When researching the subject, I realized that it wasn’t just my perception: organizations from the Global North are increasingly hiring highly-specialized workers from developing countries as a way to cut operation costs,2,3 and perhaps unwittingly, to reduce corporate emissions, since this means that fewer workers are coming to an office and fewer offices are built, etc. I thought it was ironic to think of how now these individuals from the Global South, many of them highly specialized, are making critical decisions about the same technologies and services that are driving the environmental impacts in their own communities.

Digital systems are an increasingly important element in this mix because history is also happening in the digital realm while also enabling the devastation of natural resources and climate change. Given the fact that these digital systems exist for the purpose of managing information, the question of openness lies at the heart of the discussion: how we share knowledge shapes our narratives around digital sustainability. We must ask ourselves how we should view openness through a climate lens in an age of unrestrained technological growth.

This article expresses three areas in which openness can influence digital sustainability: the creation of personal consciousness and worldview, the collective and perpetual process of critical thinking, and the actions upon our reality that these dialogues can spark.

Our digital-planetary worldview

The philosopher Vilém Flusser wrote an essay in the 1980s about photography, suggesting that images detach us not only from the material world but also from history. To Flusser, this process of alienation happens because the meaning of an image resides solely on its surface as we stare at it, separating it from its context.4 With this in mind, it makes sense that an implication of new technologies is that it displaces our relationships with the physical world as we bring more aspects of our life into the digital. This idea may not be surprising, as this is how we experience art and other forms of human expression. The difference is that, although we know that digital systems aren’t digital all the way down, as our narratives dwell in a digital world, there are material consequences in practice.5 Yet, we find them hard to grasp coherently. In our post-truth world, this explains why people use songs about how the digital age is our doom for advertising said doom.6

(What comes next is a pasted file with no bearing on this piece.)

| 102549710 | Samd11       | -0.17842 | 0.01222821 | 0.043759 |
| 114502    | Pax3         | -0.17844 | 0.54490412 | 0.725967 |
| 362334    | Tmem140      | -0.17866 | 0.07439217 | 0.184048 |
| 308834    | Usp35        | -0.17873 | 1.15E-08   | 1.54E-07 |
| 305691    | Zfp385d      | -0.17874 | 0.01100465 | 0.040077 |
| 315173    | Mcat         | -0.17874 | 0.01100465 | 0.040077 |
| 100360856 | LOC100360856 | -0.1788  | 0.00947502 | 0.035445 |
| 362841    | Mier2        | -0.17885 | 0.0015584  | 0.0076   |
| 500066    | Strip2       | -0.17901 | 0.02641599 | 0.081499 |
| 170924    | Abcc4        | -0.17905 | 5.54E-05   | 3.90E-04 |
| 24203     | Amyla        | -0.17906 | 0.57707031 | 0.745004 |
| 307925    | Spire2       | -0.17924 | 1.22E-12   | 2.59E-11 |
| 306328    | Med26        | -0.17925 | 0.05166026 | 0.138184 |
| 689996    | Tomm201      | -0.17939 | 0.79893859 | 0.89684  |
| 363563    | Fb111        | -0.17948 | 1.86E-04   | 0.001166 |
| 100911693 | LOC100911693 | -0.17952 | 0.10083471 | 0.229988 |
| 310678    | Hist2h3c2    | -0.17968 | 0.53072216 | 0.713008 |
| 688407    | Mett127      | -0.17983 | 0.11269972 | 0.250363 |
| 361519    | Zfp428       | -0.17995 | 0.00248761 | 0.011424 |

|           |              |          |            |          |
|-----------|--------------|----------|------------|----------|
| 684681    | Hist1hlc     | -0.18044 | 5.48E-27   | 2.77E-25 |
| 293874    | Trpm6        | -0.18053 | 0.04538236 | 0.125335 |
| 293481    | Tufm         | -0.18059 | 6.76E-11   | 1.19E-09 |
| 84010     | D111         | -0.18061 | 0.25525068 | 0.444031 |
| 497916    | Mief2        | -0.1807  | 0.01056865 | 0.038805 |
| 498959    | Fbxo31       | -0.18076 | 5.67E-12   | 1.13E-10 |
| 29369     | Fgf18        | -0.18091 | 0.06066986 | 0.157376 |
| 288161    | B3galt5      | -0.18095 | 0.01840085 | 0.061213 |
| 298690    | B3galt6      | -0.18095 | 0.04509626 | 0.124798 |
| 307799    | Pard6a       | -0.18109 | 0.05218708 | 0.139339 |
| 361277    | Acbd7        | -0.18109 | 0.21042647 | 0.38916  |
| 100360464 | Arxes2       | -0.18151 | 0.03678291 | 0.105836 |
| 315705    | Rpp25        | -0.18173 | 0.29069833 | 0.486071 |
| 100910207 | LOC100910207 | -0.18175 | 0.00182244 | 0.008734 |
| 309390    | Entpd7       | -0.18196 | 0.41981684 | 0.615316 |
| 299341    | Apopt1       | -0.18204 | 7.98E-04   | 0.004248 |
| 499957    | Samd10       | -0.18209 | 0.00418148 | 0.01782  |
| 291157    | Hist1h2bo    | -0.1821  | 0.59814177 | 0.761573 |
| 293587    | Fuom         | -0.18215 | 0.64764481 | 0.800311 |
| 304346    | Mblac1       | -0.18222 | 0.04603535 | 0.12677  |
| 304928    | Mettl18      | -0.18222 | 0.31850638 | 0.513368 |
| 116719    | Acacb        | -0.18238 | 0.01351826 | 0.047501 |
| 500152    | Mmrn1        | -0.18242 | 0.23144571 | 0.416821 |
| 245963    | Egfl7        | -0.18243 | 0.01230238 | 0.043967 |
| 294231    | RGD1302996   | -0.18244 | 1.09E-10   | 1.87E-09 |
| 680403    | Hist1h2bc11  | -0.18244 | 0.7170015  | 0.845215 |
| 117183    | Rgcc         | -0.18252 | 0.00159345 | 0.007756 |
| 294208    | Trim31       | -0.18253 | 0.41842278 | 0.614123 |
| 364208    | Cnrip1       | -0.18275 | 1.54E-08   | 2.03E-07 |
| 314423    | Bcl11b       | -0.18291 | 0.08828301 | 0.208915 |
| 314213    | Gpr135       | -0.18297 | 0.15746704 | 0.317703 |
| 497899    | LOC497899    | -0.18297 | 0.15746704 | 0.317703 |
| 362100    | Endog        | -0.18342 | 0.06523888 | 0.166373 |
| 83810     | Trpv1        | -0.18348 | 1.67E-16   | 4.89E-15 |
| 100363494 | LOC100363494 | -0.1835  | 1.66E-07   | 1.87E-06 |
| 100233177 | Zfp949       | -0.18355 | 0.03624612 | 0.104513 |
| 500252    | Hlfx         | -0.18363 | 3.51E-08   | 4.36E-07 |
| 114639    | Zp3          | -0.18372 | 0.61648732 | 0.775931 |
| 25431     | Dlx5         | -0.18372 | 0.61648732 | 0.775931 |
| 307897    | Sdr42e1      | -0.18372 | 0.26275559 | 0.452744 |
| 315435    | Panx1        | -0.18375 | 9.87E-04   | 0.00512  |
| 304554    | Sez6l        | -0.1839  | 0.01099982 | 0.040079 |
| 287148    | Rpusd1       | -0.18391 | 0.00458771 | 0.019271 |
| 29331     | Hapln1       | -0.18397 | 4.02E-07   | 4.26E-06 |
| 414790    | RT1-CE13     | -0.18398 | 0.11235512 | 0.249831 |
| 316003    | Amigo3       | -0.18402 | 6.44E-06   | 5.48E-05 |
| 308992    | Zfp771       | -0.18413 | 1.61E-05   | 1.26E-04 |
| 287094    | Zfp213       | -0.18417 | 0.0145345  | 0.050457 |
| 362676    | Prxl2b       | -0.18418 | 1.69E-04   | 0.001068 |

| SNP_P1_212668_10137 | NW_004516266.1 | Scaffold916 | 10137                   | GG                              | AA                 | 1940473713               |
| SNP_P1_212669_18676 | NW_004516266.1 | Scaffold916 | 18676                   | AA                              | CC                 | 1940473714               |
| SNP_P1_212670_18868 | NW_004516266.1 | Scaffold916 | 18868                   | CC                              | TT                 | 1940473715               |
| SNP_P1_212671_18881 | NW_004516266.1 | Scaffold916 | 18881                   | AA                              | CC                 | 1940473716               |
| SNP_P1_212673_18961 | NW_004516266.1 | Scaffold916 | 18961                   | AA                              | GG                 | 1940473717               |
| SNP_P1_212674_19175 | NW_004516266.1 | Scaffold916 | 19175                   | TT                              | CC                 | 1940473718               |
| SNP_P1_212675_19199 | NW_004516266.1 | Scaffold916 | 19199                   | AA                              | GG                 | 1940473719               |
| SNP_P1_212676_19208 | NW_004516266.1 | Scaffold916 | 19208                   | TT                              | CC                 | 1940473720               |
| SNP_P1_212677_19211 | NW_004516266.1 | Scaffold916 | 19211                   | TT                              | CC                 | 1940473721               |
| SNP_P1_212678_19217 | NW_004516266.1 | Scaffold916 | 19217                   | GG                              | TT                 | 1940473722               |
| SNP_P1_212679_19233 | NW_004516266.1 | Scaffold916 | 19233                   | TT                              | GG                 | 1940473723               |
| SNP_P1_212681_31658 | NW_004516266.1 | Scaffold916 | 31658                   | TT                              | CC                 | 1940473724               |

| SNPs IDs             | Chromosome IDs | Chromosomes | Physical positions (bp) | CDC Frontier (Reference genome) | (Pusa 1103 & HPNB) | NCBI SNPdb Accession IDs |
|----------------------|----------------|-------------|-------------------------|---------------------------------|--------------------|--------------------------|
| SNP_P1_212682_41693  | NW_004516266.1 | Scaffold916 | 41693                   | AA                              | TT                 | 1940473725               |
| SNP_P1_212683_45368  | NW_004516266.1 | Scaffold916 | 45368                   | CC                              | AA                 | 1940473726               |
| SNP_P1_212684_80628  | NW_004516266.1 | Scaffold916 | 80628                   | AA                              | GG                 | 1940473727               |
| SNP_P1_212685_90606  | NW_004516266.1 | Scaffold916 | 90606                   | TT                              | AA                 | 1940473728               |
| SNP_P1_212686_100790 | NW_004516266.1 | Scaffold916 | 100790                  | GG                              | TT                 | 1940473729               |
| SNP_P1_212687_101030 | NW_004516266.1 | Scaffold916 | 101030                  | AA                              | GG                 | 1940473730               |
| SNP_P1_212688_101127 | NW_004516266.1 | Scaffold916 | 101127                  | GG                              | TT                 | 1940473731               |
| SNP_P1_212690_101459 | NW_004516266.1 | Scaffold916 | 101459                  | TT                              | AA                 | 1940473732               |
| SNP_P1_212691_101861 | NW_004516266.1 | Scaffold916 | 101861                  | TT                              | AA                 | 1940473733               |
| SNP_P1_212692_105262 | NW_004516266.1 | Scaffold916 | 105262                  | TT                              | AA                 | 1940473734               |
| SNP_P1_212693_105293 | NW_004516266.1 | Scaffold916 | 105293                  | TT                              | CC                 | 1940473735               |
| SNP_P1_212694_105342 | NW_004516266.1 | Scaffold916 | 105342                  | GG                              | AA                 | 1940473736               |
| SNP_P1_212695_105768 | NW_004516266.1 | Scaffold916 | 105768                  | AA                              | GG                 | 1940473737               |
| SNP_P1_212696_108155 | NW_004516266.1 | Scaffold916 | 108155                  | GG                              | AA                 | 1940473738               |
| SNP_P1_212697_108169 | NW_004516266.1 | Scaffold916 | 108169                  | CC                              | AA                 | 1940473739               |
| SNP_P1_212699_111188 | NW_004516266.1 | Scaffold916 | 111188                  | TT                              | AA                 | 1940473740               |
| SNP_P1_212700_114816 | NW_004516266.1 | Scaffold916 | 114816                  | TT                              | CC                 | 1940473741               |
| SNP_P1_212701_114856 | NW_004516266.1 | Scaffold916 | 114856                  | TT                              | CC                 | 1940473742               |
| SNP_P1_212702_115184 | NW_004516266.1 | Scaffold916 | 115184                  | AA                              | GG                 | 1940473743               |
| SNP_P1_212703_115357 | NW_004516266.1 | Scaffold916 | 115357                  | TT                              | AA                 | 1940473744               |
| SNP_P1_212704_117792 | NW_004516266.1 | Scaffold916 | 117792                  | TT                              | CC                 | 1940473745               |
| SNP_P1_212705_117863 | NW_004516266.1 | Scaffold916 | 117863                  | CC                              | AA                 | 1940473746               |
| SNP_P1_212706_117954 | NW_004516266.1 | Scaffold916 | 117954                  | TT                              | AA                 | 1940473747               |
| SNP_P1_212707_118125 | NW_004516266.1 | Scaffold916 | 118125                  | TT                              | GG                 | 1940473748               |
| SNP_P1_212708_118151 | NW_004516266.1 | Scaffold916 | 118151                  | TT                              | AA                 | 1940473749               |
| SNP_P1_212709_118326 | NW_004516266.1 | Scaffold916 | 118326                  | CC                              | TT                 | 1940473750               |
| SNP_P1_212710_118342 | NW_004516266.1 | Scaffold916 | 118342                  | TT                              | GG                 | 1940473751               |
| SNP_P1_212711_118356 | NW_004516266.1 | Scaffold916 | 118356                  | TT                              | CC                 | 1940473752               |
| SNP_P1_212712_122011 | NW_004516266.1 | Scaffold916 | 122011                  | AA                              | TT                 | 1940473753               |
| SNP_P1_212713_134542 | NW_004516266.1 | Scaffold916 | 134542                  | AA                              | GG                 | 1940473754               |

Asking questions about technology and sustainability is a challenge of balancing what we know with what we do not. For instance, we know enough about digital technologies to understand the consequences of humanity’s digital development. Still, at the same time, we must deal with incomplete data and many unknowns, which might be common in other areas of knowledge. This feels very out of place for digital technologies as some sort of digital scientism: we are convinced that digital systems should be able to know and measure everything, even themselves. 

Knowing about digital technologies is necessary to understand how they work and their environmental implications, but knowing how we relate to them as individuals can help us make sense of it from a critical perspective. It allows us to understand their extent and impact, both personally and collectively. When considering what we should see as necessary at a planetary and personal level, transparency and openness are essential. However, this is not always the case for digital services, because are concealed under intellectual property laws or secretive practices. 

Furthermore, a digital division of labor detaches us from a sense of purpose and meaning. For the digital gig economy, this is especially true in a practical sense, where technical decisions impact the business models directly. Still, the lack of permanence and human interactions can create powerlessness. My premise, in this case, is that awareness of the effects of a person’s technical decisions on the local environment is essential to reconnect them with a sense of personhood, history, and the notion of territory.

Nurturing a collective narrative